• Vaginal estrogen. To relieve vaginal dryness, estrogen can be administered directly to the vagina using a vaginal cream, tablet or ring. This treatment releases just a small amount of estrogen, which is absorbed by the vaginal tissues. It can help relieve vaginal dryness, discomfort with intercourse and some urinary symptoms. (3)

  • Low-dose antidepressants. Certain antidepressants related to the class of drugs called selective serotonin reuptake inhibitors (SSRIs) may decrease menopausal hot flashes. A low-dose antidepressant for management of hot flashes may be useful for women who can't take estrogen for health reasons or for women who need an antidepressant for a mood disorder. (3)

  • Gabapentin (Gralise, Horizant, Neurontin). Gabapentin is approved to treat seizures, but it has also been shown to help reduce hot flashes. This drug is useful in women who can't use estrogen therapy and in those who also have nighttime hot flashes. (3)

  • Clonidine (Catapres, Kapvay). Clonidine, a pill or patch typically used to treat high blood pressure, might provide some relief from hot flashes. (3)

  • Medications to prevent or treat osteoporosis. Depending on individual needs, doctors may recommend medication to prevent or treat osteoporosis. Several medications are available that help reduce bone loss and risk of fractures. Your doctor might prescribe vitamin D supplements to help strengthen bones. (3)

Before deciding on any form of treatment, talk with your doctor about your options and the risks and benefits involved with each. Review your options yearly, as your needs and treatment options may change. (3)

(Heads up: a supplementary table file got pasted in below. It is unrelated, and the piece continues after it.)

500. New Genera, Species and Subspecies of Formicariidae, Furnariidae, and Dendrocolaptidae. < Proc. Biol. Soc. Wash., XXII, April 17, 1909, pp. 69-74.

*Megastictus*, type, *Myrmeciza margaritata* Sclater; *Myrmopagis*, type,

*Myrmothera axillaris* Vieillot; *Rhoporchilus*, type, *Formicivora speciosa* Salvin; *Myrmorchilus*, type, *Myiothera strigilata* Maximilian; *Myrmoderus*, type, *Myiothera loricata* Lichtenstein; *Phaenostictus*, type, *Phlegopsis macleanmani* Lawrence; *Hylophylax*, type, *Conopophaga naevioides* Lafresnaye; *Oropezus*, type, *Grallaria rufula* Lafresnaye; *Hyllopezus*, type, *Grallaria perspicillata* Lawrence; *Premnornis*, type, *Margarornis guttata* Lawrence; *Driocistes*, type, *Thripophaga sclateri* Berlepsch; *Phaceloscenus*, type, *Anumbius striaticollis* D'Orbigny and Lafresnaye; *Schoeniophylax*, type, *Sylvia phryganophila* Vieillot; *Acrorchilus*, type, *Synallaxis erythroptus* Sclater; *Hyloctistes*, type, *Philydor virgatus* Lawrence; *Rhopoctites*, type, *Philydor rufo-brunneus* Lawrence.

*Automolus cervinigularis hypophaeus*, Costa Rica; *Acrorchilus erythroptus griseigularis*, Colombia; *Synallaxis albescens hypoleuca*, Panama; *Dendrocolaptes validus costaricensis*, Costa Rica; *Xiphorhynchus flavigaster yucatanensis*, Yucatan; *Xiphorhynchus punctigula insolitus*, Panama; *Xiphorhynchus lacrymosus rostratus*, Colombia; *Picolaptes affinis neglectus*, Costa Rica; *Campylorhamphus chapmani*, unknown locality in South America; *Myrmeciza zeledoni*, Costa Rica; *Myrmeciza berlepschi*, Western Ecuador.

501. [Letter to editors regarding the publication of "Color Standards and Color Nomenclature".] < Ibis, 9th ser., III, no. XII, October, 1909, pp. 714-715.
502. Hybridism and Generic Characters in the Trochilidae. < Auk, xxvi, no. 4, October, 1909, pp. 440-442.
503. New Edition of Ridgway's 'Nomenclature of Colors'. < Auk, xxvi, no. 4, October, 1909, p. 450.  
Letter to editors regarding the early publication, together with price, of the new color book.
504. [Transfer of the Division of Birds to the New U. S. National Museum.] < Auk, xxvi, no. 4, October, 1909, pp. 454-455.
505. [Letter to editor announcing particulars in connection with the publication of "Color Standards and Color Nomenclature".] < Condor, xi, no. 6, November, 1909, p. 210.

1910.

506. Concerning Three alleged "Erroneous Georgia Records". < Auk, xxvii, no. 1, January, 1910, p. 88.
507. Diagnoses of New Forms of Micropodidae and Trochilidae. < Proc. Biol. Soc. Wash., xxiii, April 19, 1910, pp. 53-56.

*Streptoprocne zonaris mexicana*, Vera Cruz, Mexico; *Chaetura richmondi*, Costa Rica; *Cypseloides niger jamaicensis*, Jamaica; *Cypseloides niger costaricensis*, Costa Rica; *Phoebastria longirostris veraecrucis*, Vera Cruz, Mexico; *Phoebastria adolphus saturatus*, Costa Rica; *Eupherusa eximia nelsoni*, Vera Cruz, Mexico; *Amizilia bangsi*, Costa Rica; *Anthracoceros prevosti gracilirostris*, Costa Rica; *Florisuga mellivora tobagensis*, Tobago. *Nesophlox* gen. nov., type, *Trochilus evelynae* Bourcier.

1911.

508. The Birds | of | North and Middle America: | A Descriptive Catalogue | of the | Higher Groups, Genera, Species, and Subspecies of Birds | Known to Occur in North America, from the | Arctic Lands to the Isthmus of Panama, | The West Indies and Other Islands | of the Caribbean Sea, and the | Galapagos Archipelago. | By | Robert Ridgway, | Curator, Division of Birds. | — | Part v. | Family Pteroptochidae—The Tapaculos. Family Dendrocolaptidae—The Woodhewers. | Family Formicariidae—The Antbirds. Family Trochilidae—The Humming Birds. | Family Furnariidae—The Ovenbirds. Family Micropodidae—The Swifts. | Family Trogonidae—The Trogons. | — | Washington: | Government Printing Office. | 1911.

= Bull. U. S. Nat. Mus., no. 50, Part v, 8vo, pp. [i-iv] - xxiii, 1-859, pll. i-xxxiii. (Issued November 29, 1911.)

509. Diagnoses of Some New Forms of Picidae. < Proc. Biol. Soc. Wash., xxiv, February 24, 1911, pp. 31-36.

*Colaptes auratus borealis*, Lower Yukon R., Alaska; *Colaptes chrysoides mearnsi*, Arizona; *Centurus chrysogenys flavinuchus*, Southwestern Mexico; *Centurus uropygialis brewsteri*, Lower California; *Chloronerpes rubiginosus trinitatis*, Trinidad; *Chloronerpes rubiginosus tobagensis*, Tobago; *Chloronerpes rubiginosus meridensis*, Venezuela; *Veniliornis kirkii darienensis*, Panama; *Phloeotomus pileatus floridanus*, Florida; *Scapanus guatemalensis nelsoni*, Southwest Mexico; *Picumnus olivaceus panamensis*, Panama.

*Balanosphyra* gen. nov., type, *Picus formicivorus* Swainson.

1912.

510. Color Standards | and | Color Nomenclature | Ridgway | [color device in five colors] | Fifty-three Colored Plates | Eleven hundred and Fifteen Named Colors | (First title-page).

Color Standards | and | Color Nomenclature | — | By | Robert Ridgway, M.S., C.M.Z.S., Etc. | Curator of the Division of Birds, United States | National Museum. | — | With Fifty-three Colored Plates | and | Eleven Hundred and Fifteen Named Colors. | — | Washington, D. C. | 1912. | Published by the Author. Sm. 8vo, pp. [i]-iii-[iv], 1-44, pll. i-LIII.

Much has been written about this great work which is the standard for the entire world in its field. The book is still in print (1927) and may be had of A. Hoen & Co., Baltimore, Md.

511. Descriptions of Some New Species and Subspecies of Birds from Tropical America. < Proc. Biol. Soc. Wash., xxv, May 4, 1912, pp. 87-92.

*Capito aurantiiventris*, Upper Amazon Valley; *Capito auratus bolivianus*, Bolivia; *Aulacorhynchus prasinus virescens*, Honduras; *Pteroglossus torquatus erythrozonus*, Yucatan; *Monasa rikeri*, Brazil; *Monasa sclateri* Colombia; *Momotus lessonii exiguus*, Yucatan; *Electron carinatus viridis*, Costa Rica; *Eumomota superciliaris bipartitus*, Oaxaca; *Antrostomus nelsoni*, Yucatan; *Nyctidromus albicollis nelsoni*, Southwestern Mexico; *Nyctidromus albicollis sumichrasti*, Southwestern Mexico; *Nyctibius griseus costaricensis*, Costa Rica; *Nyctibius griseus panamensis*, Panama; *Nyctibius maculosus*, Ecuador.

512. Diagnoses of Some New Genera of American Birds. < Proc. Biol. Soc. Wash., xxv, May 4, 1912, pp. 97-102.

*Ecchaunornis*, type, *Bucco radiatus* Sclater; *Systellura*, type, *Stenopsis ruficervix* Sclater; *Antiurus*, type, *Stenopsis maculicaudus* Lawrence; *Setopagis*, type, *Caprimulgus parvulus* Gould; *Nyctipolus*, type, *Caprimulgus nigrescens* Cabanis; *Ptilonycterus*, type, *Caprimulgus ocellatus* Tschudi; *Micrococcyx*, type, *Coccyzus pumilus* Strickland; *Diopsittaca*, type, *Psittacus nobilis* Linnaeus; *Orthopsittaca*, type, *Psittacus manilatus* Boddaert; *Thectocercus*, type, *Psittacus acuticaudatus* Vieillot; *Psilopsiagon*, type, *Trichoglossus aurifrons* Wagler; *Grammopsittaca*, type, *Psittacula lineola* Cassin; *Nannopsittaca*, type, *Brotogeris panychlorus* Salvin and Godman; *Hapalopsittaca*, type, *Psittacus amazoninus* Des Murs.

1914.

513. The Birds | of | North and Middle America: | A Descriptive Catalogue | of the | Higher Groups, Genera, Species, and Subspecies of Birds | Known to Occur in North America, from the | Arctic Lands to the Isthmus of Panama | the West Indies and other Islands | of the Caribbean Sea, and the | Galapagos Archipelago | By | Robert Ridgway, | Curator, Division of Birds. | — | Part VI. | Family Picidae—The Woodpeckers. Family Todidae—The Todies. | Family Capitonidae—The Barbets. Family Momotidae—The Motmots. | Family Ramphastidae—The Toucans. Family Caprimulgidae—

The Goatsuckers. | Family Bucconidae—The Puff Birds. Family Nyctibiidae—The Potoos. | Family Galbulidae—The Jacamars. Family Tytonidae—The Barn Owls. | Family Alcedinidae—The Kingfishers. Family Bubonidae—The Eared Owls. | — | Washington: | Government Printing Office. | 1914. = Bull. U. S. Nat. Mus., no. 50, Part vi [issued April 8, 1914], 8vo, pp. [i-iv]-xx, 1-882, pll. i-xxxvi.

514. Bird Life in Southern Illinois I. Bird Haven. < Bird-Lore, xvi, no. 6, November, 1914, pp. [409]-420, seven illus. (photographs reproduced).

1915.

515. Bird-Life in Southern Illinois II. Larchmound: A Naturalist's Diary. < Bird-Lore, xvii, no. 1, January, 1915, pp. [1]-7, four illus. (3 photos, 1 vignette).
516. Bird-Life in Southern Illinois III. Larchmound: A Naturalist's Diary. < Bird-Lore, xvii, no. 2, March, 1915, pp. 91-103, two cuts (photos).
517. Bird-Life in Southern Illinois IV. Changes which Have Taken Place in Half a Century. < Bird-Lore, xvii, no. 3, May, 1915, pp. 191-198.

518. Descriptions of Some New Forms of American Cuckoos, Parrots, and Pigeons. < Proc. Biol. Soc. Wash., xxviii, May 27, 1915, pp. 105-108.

The Stigma Around Menopause

Ultimately this comes down to the fear of aging, obviously most people don't care to get old. Menopause is commonly looked at as a loss, a struggle. Women may mourn the passing of their past selves, their "youthful" selves. However, it is also seen as a marker of moving on to the next stage of life, a time of new beginnings. For these women, menopause is a “rite of passage” involving both social and psychic transformation whereby a sense of self emerges anew from loss, grief and shame. Your perception may just be your reality. (4)


If you're struggling with menopause symptoms, schedule a complimentary consultation with our amazing team to see what we can do for you. The Lotus takes pride in our detail and consistency in providing you with thorough and personalized strategies tailored to your schedule, budget, and aesthetic needs.


@thelotusmedspa

210-774-2850

thelotusmedspa.com





Sources

(1) Menopause - Symptoms and causes. (2020, October 14). Mayo Clinic. Retrieved August 25, 2022, from https://www.mayoclinic.org/diseases-conditions/menopause/symptoms-causes/syc-20353397


(2) Vodafone. (2021, October). Menopause Research (er OC331181). OPINIUM RESEARCH. https://www.vodafone.com/sites/default/files/2021-10/menopause-global-research-report-2021.pdf


(3) Menopause - Diagnosis and treatment - Mayo Clinic. (2020, October 14). Mayo Clinic. Retrieved August 25, 2022, from https://www.mayoclinic.org/diseases-conditions/menopause/diagnosis-treatment/drc-20353401


(4) de Salis, I. (2017, October 18). The menopause: dreaded, derided and seldom discussed. The Conversation. Retrieved August 25, 2022, from https://theconversation.com/the-menopause-dreaded-derided-and-seldom-discussed-85281


Menopause: Age, Stages, Signs, Symptoms & Treatment. (2021, October 5). Cleveland Clinic. Retrieved August 25, 2022, from https://my.clevelandclinic.org/health/diseases/21841-menopause


Rabin, J. (n.d.). Women have been shamed and stigmatized over menopause for years. Katz Institute for Women’s Health. Retrieved August 25, 2022, from https://www.northwell.edu/katz-institute-for-womens-health/articles/women-stigmatized-over-menopause